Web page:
Madness and Selfishness in Lady Audley’s Secret
Mary Elizabeth Braddon’s 1862 sensation novel Lady Audley’s Secret is both addictive and troubling. Like a modern soap opera, the story follows Lady Audley as she fights to hide the secrets of her past from the family she’s married into. In the climactic scene of the novel, Lady Audley confesses to her husband, Michael Audley, and nephew, Robert Audley, that she has been hiding her true identity. She faked her own death in order to avoid her first husband, George Talboys, and marry Michael Audley instead. Lady Audley, or Lucy, reveals George Talboys left to seek his fortune in Australia, abandoning her, their son, and his marital duties. This prompted her to changed her name and commit bigamy to advance her place in society and protect her well-being. Upon hearing this confession, the men instantly assume she is mad.
Throughout the text, Lucy (as I will refer to her from here) displays many different instances of selfishness; abandoning her son, faking her own death, pushing George Talboys into a well, using Michael Audley for a rank in society, setting a hotel on fire. But does all of this make her mad? Or, is this selfishness just her way of surviving? In this article, I will argue that Lucy is not mad, but rather fighting for her own survival and relevance in the world. The men in the novel see Lucy as a threat to their way of life because she not only doesn’t follow the typical female duties of the home, but has also proved herself to be smart and cunning. She is someone who is able to trick people and get what she wants. Because Lucy has lied to get what she wants, she is dangerous. And a woman seen as dangerous in Victorian society is labeled mad.
Pity, George Talboys, and Motherhood
To explore what Lucy’s selfishness has to do with the claim of madness, we must look at all of the ways her actions benefit her throughout the narrative. First, and possibly most important, Lucy abandons her son to fake her death and take up her new identity. Of course, one could argue she does this to try to give her son a better life. However, she admits outright that she does not care for the child: “People pitied me, and I hated them for their pity. I did not love the child, for he had been left a burden upon my hands” (254). Here, Lucy expresses a lack of love for her own child. Victorian mothers were supposed to be perfect and love and protect their children no matter what. In fact, their only identity was being a mother. When Lucy rejects this notion, and chooses herself over her son, she is seen as mad.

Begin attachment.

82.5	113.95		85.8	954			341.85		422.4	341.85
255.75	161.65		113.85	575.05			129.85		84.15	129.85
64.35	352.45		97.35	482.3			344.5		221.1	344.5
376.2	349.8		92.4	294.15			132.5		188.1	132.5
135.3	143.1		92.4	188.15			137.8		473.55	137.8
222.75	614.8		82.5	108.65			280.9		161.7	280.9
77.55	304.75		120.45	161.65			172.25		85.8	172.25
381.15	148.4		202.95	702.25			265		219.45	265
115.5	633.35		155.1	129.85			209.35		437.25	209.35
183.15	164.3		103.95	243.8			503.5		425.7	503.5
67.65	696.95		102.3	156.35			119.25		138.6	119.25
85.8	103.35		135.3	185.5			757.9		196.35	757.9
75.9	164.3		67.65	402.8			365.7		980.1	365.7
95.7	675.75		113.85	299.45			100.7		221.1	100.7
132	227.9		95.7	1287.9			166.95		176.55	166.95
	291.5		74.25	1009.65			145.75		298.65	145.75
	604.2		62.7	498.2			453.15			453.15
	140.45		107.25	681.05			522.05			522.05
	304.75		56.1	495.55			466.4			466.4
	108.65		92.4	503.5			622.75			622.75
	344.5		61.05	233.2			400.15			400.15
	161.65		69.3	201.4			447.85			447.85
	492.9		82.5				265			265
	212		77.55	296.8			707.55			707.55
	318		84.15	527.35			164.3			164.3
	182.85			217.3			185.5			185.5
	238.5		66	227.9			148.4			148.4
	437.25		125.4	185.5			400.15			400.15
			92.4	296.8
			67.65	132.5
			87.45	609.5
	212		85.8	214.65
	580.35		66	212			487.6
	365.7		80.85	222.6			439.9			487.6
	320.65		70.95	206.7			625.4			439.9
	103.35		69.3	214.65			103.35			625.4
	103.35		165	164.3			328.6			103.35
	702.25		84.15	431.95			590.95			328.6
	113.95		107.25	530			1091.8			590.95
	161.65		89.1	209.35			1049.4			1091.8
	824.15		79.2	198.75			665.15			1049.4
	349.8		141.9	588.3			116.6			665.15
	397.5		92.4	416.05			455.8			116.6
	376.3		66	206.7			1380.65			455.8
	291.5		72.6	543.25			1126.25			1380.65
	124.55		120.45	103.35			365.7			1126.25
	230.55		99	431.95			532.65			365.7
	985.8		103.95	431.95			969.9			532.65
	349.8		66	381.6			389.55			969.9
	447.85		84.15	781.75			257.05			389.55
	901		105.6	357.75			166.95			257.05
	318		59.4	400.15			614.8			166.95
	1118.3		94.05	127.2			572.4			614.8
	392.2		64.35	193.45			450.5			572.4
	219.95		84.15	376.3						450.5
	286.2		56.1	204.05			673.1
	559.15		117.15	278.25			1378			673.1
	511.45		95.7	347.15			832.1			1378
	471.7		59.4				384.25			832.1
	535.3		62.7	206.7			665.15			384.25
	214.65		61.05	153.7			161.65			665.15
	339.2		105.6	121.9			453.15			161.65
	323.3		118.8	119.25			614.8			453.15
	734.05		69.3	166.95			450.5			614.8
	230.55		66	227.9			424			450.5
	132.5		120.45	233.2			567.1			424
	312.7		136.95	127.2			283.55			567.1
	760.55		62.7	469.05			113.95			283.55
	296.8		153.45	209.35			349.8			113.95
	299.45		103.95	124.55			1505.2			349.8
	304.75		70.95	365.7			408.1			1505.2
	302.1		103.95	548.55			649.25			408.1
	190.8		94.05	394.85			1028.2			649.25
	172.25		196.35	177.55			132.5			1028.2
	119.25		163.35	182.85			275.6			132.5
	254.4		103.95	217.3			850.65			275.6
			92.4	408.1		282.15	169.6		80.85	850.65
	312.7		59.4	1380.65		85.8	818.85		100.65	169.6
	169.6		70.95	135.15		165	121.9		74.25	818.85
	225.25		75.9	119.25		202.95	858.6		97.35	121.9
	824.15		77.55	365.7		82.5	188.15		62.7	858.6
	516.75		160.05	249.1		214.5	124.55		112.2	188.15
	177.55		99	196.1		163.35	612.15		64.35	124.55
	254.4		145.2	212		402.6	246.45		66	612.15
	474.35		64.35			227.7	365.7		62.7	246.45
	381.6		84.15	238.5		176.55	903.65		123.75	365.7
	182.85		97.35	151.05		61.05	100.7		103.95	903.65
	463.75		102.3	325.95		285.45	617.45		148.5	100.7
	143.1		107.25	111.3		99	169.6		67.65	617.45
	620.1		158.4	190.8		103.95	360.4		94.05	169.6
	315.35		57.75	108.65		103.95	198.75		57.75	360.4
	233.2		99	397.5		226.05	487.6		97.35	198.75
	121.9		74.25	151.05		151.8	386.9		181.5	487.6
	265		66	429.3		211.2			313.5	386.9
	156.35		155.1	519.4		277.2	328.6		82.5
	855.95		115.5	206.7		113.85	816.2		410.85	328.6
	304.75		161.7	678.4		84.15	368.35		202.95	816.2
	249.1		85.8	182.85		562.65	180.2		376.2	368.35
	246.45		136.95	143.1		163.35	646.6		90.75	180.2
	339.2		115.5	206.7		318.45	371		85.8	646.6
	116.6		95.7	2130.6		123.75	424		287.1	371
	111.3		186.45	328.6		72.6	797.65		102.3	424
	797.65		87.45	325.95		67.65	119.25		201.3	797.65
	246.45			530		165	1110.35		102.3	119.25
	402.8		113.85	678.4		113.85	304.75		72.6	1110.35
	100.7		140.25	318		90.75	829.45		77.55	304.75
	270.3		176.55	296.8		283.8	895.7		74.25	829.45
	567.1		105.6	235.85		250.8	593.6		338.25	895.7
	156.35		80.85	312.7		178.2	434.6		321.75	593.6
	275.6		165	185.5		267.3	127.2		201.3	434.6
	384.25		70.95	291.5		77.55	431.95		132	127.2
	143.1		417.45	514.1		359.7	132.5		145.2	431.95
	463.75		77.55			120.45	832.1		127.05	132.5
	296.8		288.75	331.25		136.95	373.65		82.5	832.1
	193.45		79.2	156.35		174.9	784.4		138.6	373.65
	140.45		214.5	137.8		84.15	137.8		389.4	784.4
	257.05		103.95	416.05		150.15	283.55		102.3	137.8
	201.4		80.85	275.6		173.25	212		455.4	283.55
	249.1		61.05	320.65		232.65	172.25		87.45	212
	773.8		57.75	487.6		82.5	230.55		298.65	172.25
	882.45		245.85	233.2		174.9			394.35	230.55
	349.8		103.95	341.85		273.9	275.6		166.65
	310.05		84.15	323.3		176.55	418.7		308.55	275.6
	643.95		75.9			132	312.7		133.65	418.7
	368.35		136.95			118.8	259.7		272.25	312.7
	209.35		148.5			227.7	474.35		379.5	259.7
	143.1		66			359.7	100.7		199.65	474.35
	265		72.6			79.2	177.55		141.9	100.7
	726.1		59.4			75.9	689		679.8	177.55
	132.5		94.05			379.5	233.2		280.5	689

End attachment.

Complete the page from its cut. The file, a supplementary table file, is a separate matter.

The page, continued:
In Angela Florschuetz’s “Madness as Domestic Defense in Lady Audley’s Secret and Jane Eyre,” she argues that women of the time were declared mad because the functions of wifehood and motherhood were so taxing:
“Irony and tension are created by the inference that the natural and feminine function of women puts them at risk for a malady that renders them inappropriate wives and mothers, yet this malady was, in fact, also considered a normal function of womanhood. The question arises—if all women are potentially madwomen, are all woman potentially unfit or unsuited to wifehood” (Florschuetz 66).
This is as if to say by Lucy simply being a mother, she is already mad. Florschuetz goes on to explain:
“The concentration upon madness and otherness which define both Lucy and Bertha serves to both exonerate and obscure the failure of men as husbands to provide for, protect and support their wives, as well as the failure of marriage itself as an institution to deliver to women what society promises them as their due for their submission to me” (70).
Part of the reason Lucy feels no connection to her son is because George Talboys abandoned their family and did not fulfilled his marital duties as the man of the family. He has left Lucy, her father, and their son poor, with little resources to fend for themselves. Lucy’s anger toward her husband could explain why she does not feel a motherly duty to her son:
“But when we came back to Wildernsea and lived with papa, and all the money was gone, and George grew gloomy and wretched, and was always thinking of his troubles, and appeared to neglect me, I was very unhappy, and it seemed as if this fine marriage had only given me a twelvemonth’s gayety and extravagance after all” (Braddon 253).
Here, Lucy explains that George ignored her in their marriage and she admits to being unhappy, something women were not allowed to acknowledge.
Florschuetz explains that there is often an anxiety in Victorian marriage that leads to madness: “These novels suggest an anxiety about Victorian marriage, in that the only way women can assert their rights and protect their rightful and ‘natural’ position in marriage is by committing violent acts of ‘madness’” (Florschuetz 65). Lucy’s violent act here is to abandon her life when George Talboys leaves and start a fresh new one. In doing so, she is choosing herself over her marriage and her child. In this violent act, she is escaping an unhappy marriage and the confines of motherhood, something that distracts a woman from herself. In abandoning her duties to her family, Lucy is abandoning her identity as a correct version of the Victorian woman. This challenges a man’s understanding of the type of emotions and opinions a woman can have in the family unit.